ALBUM  REVIEW
WORDS:  DOMINIC  VALVONA


Dirtmusic   ‘Bu Bir Ruya’
Glitterbeat Records,  26th January 2018

Ushering in the New Year with a lament to the ongoing refugee crisis, the ambiguous blues nomads Dirtmusic grapple in the most traversing of ways with soundtracking and encapsulating the Levant diaspora on their new, and fifth, album Bu Bir Ruya.

The unofficial house band and catalyst for the much-acclaimed (especially by me) award-winning Glitterbeat Records label, the band have taken the blues genre on a polygenesis odyssey over the last decade – from the dusty porches of the American south to Timbuktu. Expanding and inter-changing their core of experimental guitarists Chris Eckman and Hugo Race, picking up desert blues and urbane Mali (a country that Eckman and Race have a special affinity with) legends such as the great Samba Touré and Ben Zabo on route, each and every one of their albums has been inspired by the band’s travails.

 

Setting up camp in the turbulent atmosphere of Istanbul, recruiting label mate and helmsman of the Bosphorus-spanning metropolis legendary psychedelic dub outfit Baba Zula, Murat Ertel, Eckman and Race add a ‘saz’ heavy modern and atavistic Turkish dynamic to their vaporous, drifting and plaintive blues resonance. Recording at Ertel’s converted mechanic’s garage studio in the city, during a period of extreme anxiety as Erdoğan’s Turkey – leaders at the top of Amnesty International’s table for most imprisoned journalists; a country worryingly drifting from Europe and NATO towards Russia – slowly turns into a quasi Ottoman caliphate, Bu Bir Ruya captures the distress and political realities of not only Turkey but Syria and North Africa: the desperate flight of millions of refugees, looking for sanctuary in Europe, escaping from a civil war apocalypse.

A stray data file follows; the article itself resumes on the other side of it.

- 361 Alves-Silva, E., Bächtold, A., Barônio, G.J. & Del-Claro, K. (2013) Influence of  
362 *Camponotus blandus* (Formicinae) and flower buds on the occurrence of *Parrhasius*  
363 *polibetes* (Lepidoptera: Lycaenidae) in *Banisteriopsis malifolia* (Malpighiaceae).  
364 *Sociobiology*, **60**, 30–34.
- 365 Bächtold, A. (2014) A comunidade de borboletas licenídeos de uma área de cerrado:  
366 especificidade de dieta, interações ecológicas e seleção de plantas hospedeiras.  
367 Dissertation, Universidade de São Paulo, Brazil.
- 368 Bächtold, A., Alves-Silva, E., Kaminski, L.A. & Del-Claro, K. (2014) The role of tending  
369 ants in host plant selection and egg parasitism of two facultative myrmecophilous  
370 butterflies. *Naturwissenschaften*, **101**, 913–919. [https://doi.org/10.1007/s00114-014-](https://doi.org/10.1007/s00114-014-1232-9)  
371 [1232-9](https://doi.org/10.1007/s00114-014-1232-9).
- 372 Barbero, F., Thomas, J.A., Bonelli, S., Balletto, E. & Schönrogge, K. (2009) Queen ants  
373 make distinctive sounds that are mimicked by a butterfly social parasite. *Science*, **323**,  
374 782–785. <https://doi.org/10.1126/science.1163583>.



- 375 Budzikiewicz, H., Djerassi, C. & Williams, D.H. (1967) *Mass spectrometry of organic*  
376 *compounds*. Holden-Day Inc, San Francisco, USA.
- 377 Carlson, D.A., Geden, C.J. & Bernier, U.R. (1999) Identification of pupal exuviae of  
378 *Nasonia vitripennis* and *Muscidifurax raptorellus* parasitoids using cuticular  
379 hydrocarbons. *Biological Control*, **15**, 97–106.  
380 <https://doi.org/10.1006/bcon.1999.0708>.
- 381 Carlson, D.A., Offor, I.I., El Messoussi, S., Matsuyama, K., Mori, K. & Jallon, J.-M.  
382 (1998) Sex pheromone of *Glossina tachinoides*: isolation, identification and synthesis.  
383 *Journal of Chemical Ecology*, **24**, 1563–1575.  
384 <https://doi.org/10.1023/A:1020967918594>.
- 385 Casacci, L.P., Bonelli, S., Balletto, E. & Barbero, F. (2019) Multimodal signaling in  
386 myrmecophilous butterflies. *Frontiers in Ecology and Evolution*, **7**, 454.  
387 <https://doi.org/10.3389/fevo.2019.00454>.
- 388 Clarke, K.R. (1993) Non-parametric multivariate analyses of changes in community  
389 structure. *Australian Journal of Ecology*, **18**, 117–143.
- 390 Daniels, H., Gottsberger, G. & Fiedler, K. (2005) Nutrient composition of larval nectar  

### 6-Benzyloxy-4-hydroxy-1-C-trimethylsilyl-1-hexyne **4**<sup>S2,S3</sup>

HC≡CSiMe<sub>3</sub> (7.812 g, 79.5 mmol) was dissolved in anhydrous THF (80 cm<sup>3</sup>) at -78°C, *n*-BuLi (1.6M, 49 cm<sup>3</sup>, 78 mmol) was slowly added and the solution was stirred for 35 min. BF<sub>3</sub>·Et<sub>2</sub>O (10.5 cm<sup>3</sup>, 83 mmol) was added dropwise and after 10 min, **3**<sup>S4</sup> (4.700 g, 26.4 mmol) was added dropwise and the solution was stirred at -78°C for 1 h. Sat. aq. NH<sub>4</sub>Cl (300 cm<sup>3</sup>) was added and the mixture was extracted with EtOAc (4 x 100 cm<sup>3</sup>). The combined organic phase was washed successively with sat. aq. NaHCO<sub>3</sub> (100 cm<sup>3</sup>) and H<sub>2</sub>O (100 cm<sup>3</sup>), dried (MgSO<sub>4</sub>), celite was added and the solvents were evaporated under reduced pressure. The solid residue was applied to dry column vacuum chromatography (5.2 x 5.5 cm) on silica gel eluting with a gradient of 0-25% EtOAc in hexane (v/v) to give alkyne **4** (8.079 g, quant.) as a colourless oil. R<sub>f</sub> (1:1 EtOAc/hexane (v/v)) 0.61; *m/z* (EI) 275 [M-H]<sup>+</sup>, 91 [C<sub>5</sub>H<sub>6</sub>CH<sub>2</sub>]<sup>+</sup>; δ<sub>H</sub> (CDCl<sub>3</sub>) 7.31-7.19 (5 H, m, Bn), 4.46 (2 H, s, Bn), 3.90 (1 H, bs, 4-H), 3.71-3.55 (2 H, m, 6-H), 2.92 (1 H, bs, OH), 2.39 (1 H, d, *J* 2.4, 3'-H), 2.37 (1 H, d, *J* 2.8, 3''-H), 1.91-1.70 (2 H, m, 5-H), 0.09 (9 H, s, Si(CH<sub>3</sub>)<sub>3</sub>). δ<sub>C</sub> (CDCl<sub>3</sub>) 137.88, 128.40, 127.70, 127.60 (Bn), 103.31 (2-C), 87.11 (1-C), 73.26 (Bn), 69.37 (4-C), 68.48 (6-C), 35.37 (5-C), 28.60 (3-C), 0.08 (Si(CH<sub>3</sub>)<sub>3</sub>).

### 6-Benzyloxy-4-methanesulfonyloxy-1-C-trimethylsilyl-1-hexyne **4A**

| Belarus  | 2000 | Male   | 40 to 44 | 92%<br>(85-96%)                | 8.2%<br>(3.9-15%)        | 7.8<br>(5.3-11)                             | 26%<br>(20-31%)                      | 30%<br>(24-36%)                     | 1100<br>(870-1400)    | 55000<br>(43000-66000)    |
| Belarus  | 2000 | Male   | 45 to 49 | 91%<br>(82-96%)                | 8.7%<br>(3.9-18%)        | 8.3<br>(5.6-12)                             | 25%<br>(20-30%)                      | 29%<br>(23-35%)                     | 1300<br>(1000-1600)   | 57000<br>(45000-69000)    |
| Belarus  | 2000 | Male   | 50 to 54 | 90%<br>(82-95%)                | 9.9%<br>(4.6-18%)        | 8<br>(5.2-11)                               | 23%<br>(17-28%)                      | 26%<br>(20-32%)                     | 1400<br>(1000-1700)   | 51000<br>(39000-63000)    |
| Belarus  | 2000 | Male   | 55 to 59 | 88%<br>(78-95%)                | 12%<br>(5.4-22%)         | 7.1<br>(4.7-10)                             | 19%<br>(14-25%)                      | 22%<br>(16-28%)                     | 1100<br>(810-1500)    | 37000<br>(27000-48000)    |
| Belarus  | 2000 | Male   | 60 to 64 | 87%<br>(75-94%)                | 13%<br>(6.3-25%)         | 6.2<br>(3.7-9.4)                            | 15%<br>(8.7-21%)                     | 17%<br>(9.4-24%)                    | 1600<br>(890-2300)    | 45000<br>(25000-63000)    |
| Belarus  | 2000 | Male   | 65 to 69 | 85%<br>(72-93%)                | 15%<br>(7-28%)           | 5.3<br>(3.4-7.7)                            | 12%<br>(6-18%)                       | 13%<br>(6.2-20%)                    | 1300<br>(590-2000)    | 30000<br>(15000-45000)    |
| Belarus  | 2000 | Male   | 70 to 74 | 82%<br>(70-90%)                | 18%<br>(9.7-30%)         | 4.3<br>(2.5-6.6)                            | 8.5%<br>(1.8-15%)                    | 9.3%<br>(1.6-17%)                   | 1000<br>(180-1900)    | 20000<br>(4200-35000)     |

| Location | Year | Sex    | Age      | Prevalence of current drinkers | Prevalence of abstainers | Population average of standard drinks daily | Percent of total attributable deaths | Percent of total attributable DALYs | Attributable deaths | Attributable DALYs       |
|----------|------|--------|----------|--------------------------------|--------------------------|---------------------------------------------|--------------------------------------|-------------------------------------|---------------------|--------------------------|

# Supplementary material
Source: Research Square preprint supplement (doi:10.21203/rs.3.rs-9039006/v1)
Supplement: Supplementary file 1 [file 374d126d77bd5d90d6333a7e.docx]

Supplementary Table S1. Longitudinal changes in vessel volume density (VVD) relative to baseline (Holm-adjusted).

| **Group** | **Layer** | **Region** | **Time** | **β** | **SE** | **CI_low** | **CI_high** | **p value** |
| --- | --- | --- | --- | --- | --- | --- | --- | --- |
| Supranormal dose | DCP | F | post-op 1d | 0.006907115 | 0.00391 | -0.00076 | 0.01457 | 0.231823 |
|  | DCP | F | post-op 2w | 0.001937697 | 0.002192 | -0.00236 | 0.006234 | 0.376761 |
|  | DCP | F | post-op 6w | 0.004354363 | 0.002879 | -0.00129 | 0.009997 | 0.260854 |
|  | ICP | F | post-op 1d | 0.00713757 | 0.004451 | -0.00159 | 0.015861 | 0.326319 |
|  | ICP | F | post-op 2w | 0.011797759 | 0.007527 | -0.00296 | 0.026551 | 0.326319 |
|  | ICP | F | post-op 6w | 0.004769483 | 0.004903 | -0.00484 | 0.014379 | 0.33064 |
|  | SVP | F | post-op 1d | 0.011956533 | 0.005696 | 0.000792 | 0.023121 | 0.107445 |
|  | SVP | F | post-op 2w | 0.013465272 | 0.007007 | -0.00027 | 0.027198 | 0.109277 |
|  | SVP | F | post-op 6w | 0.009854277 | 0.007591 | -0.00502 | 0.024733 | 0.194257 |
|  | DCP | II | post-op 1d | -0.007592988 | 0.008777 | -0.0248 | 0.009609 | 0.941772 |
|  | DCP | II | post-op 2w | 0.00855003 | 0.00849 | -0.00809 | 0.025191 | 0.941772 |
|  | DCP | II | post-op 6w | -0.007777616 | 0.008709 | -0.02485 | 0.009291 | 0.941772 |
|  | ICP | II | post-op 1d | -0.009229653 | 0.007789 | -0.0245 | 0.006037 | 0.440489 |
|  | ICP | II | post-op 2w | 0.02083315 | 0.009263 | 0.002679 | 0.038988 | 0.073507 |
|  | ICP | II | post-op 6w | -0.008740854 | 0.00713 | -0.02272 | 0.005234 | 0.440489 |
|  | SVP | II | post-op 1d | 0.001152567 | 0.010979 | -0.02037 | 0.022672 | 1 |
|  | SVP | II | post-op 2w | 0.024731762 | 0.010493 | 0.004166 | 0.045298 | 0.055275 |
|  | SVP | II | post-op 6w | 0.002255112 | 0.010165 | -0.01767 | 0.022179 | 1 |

Obviously encouraging sympathy and putting forward a compassionate sonic plea for a borderless welcoming continent, Dirtmusic’s sentiments will go largely unnoticed where it counts, as even Germany, now plunged into its own governmental crisis as the previous ‘safe hands’ Merkel struggles to form a working coalition after the recent elections in Germany, her majority arguably weakened and hindered by the resettlement policy of a million Syrian refugees, takes time to mule over that decision – with hardline right wing leaning parties calling for some refugees to be returned and the welcoming committee to be disbanded in favour of tighter restrictions. EU neighbours and outlier states, from the Balkans to Norway, have thrown up both theoretical and physical walls of obstruction; the future looking bleak for access to European soil from the North African and Middle East.